Around 1 in 5 people diagnosed with cancer in the UK take part in a clinical trial.
A trial of MK-1775 with chemotherapy for ovarian cancer
Please note - this trial is no longer recruiting patients. We hope to add results when they are available.
This trial is looking at a new drug called MK-1775 alongside paclitaxel and carboplatin for ovarian cancer that has come back.
Unfortunately, ovarian cancer can come back after surgery and chemotherapy. If this happens, you may have more chemotherapy. But researchers are looking for ways to improve treatment for ovarian cancer that has come back. In this trial, they are looking at a drug called MK-1775 alongside chemotherapy.
Some cancer cells have a particular change (a
The women taking part in this trial have tumours that have a particular mutation to the p53 gene. They also have cancer that responded to treatment with
The aims of the trial are to
- See if adding MK-1775 to chemotherapy helps women who have platinum sensitive ovarian cancer with a particular change to the p53 gene
- Learn more about the side effects
Who can enter
You may be able to enter this trial if you
- Have ovarian cancer, fallopian tube cancer or primary peritoneal cancer that has got worse after having chemotherapy with a
- Have cancer that didn’t start getting worse for at least 6 months after you finished platinum chemotherapy
- Have recovered from the side effects of any other treatment (apart from hair loss) unless they are very mild
- Are well enough to carry out all your normal activities, apart from heavy physical work (performance status of 0 or 1)
- Have satisfactory blood test results
- Are at least 18 years old
To be able to take part in this trial, the researchers must be able to test a sample of your cancer to see if it has a particular change to the p53 gene.
You cannot enter this trial if you
- Have cancer that is a borderline tumour or is low grade and very unlikely to spread – your doctor can explain this to you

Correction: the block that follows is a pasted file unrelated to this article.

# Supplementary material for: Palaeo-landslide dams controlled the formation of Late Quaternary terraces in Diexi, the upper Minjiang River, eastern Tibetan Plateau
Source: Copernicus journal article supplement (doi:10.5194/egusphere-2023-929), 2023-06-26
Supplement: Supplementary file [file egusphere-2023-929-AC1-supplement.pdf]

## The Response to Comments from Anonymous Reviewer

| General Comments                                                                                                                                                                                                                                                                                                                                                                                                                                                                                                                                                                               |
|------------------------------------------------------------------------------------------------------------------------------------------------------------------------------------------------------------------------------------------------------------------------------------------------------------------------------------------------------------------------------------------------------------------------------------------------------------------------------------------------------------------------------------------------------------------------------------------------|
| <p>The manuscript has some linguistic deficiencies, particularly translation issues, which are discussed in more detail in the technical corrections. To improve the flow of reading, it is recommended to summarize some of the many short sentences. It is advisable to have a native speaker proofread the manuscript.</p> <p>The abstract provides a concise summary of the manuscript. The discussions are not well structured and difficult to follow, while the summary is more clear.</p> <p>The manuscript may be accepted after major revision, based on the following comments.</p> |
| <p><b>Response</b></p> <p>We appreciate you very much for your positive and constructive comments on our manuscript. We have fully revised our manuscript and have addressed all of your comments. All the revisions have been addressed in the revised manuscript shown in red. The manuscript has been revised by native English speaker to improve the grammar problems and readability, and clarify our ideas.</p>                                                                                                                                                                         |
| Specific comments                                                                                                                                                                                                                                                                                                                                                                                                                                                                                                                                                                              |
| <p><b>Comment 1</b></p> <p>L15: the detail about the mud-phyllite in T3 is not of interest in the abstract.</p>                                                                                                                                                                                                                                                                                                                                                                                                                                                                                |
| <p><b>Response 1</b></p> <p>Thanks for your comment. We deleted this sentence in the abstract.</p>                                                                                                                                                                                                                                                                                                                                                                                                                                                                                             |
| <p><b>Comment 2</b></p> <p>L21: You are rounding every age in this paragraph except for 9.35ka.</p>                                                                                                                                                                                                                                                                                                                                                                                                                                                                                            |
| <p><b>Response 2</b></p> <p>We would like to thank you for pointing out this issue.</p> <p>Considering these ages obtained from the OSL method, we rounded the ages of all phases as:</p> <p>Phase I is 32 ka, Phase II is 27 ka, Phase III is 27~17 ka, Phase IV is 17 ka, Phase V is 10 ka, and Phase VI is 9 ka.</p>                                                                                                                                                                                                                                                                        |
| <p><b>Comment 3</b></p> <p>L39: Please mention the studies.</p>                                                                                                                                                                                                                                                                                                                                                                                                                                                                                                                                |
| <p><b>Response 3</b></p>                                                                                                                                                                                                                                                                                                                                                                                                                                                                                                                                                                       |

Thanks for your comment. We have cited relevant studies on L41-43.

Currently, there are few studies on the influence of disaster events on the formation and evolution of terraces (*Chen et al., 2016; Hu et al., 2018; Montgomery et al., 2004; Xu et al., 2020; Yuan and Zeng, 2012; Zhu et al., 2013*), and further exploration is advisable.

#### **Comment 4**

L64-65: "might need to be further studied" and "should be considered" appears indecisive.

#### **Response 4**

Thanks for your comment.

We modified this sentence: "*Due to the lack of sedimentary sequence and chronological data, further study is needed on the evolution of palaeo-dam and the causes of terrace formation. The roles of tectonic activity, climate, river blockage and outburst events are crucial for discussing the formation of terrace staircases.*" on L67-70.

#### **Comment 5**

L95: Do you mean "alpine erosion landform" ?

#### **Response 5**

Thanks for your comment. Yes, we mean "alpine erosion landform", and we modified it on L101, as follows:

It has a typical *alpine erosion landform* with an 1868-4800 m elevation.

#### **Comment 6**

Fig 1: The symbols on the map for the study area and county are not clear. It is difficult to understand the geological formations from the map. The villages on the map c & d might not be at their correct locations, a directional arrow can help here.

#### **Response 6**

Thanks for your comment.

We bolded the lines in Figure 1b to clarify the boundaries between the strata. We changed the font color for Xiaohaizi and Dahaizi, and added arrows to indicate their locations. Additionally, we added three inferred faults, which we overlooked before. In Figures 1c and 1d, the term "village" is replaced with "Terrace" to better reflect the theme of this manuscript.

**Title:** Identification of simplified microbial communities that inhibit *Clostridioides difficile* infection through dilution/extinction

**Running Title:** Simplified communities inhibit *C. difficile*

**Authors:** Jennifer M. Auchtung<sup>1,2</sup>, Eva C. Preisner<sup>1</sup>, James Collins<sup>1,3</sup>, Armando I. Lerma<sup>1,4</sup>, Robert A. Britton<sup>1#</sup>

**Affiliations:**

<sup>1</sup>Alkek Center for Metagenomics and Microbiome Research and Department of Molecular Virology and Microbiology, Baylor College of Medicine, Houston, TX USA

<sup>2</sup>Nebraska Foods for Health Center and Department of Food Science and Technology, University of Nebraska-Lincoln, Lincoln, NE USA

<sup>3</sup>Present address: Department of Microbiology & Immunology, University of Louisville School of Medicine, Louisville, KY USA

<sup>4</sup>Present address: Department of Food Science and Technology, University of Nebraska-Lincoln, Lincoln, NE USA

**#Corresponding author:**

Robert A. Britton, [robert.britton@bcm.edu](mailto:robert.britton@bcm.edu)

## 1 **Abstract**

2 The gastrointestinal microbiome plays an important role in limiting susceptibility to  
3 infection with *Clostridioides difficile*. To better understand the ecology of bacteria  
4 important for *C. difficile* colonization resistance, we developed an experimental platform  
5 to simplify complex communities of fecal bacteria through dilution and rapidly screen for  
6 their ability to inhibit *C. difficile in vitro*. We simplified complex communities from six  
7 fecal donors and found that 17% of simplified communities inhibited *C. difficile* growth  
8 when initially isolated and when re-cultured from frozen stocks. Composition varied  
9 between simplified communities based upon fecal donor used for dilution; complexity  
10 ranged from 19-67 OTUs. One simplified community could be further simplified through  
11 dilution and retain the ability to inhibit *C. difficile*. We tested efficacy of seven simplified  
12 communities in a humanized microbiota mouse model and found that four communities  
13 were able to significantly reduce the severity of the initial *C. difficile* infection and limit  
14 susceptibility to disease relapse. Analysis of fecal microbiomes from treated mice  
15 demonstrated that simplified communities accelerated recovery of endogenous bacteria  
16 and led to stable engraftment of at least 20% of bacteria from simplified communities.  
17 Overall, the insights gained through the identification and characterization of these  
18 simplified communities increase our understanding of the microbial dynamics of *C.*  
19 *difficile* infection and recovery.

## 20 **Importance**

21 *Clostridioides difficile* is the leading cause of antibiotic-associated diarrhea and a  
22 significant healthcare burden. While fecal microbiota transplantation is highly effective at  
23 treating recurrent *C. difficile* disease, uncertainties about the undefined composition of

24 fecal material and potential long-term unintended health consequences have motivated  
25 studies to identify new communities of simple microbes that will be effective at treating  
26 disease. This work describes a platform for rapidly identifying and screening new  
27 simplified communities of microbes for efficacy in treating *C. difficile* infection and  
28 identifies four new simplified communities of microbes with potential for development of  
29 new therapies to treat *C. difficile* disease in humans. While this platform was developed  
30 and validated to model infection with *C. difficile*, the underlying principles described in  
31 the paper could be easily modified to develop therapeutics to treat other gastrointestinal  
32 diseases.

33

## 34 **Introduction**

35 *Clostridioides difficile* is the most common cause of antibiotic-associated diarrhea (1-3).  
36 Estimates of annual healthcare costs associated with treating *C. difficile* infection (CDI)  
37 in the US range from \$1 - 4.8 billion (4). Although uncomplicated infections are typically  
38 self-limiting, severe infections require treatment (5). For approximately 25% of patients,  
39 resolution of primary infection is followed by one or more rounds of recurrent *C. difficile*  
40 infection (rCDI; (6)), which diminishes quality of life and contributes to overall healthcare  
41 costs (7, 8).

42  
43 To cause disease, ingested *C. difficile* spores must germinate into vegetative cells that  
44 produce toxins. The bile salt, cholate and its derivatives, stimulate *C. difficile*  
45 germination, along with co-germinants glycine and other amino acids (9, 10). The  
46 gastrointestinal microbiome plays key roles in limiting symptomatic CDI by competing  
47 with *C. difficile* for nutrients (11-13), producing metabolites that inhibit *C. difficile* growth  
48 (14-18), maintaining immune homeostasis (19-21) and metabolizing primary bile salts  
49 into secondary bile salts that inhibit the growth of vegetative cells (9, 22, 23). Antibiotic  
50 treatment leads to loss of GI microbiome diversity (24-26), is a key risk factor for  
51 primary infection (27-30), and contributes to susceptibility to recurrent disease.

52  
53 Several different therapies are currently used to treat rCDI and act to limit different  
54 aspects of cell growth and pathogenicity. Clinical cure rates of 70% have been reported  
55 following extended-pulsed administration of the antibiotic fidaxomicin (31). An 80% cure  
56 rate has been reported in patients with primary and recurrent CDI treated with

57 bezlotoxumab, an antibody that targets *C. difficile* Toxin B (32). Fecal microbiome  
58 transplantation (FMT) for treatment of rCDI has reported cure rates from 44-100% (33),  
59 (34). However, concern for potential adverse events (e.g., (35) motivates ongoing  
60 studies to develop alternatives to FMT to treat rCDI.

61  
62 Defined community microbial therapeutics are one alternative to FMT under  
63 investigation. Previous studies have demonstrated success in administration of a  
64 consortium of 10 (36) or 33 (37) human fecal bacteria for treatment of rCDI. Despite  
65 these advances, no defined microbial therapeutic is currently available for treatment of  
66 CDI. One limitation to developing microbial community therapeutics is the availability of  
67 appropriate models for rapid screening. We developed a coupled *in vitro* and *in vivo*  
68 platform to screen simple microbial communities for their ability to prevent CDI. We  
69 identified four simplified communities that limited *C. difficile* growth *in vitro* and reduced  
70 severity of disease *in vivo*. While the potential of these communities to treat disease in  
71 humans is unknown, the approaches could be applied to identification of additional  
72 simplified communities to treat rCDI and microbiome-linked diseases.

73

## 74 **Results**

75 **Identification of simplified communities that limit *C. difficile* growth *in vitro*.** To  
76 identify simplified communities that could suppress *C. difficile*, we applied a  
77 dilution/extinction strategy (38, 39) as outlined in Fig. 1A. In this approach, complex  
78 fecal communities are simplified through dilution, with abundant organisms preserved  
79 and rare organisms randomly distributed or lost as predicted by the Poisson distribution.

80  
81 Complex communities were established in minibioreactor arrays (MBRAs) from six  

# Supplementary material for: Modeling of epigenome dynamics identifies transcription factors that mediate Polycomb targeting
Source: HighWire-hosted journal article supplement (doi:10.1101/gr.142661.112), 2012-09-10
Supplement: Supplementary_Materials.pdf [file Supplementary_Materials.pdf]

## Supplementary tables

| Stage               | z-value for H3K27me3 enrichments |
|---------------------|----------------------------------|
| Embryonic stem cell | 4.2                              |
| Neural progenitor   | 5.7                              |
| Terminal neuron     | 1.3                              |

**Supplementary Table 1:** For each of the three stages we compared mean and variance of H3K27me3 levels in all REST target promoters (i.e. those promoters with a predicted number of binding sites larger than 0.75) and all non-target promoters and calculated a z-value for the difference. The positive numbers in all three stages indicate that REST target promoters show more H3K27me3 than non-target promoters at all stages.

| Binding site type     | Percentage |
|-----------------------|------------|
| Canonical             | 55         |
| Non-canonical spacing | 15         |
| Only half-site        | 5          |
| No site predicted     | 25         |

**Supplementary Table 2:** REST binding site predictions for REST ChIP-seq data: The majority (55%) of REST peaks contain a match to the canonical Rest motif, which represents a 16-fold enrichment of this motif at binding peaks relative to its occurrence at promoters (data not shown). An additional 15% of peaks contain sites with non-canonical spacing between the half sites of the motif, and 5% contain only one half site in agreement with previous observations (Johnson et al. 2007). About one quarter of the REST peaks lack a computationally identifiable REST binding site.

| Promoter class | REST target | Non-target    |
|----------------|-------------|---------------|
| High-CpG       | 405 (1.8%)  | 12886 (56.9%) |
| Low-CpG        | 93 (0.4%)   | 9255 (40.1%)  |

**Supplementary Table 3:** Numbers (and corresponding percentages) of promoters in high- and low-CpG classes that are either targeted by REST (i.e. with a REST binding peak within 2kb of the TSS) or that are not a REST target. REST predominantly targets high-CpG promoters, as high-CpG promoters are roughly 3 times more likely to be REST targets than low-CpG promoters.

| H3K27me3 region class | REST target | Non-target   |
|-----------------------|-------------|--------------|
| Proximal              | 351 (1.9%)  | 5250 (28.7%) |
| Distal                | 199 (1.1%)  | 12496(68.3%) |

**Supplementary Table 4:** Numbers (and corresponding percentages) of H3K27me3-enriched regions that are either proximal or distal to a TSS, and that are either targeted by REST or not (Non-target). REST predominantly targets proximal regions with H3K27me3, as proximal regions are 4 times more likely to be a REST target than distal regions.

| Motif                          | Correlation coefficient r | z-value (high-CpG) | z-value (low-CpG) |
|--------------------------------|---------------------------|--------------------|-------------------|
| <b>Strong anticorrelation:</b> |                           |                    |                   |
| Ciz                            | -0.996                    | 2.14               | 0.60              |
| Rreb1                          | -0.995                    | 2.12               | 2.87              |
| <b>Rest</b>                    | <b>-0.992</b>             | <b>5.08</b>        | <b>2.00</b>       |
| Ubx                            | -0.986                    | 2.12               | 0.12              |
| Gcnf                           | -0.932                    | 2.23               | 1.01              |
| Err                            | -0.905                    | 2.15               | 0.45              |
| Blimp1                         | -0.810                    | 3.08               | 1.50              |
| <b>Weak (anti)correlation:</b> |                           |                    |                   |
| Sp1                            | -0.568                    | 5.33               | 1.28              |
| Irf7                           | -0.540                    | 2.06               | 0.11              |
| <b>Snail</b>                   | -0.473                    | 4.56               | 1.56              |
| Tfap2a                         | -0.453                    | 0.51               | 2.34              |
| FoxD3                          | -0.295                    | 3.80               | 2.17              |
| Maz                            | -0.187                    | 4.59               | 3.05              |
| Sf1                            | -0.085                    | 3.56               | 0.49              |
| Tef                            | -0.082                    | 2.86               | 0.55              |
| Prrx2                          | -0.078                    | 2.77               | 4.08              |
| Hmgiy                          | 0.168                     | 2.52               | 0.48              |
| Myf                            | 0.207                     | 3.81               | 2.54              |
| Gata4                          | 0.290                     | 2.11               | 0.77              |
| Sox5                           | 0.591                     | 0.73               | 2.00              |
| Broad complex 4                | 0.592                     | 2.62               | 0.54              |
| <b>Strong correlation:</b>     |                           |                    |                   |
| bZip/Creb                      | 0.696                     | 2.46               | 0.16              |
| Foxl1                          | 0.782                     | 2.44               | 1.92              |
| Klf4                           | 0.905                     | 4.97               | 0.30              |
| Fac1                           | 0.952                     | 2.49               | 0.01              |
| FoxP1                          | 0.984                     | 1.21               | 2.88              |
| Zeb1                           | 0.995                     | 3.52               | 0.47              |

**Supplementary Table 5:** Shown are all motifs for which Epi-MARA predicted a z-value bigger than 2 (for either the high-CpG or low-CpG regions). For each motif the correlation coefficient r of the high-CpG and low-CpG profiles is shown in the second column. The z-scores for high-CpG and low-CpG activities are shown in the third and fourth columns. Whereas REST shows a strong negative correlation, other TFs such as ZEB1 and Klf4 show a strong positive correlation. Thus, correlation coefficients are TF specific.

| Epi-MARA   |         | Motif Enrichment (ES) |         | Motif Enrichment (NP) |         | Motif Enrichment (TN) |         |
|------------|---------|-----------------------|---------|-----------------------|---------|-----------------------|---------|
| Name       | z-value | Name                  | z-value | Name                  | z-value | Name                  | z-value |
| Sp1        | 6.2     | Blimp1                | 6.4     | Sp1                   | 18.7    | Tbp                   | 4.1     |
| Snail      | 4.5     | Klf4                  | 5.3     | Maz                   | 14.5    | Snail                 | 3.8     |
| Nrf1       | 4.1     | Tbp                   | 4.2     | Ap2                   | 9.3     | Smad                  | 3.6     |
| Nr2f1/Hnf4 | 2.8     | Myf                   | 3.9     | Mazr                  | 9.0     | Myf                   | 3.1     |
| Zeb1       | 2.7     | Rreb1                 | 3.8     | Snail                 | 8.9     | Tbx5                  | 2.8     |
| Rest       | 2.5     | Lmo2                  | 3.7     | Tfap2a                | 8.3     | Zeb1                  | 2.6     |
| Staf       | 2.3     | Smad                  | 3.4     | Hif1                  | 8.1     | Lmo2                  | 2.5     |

- Have cancer that has spread to your brain or spinal cord (central nervous system) unless it has been successfully treated, has not got worse in the last month, and if you took steroids, you have now stopped or have been on a stable dose for at least 2 weeks
- Have already had more than 3 different types of chemotherapy that included a platinum drug
- Have had radiotherapy or biological therapy in the last 4 weeks
- Have had another experimental drug in the last 4 weeks
- Are known to be very sensitive to any of the drugs in the trial
- Have a build up of fluid in your tummy (
ascites) or in your lungs (pleural effusion) that is causing symptoms
- Have had drugs that affect body substances called cytochrome P (CYP) enzymes in the last 2 weeks – your doctor can confirm this
- Have had problems with drugs or alcohol in the last year
- Are known to have HIV, hepatitis B or hepatitis C
- Have any other medical condition or mental health problem that the trial doctors think could affect you taking part
- May have a condition called Li Fraumeni syndrome – your doctors can tell you if they think you might have this condition
- Are pregnant or breastfeeding
This phase 2 trial will recruit 119 women. It is a randomised trial. The people taking part are put into treatment groups by a computer. Neither you nor your doctor will be able to decide which group you are in. And neither of you will know which group you are in. This is called a double blind trial.
Half the women taking part have paclitaxel, carboplatin and MK-1775. The other half have paclitaxel, carboplatin and a dummy drug (
You have paclitaxel and carboplatin through a drip into a vein once every 3 weeks. Each 3 week period is called a cycle of treatment. MK-1775 (and the dummy drug) is a capsule that you swallow. You take them 5 times in each cycle of treatment. You keep a diary at home to note down exactly when you take the capsules.
As long as you don’t have bad side effects, you can have up to 6 cycles of treatment.
You see the trial team and have some tests before you start treatment. The tests include
The trial team will get a sample of tissue that was removed when you had surgery or a
During treatment, you go to hospital once a week. You have regular blood tests. You have a CT or MRI scan every 6 weeks.
When you finish treatment, you see the trial team a month later and have a physical examination and blood tests. You then see them and have a CT or MRI scan every 6 weeks or every 3 months, depending on how your cancer responded to treatment. Your doctor will explain this to you.
As MK-1775 is a new drug, there may be side effects we don’t know about yet. In other trials, the most common side effects have been
- A drop in blood cells causing an increased risk of infection, bleeding problems, tiredness and breathlessness
- Numbness and tingling in your hands and feet (peripheral neuropathy)
- Tiredness (fatigue)
- Feeling or being sick
- Loss of appetite
- High temperature (fever)
- Sore mouth
- Tummy (abdominal) pain
How to join a clinical trial
Dr Susie Banerjee
Experimental Cancer Medicine Centre (ECMC)
Merck, Sharp & Dohme
NIHR Clinical Research Network: Cancer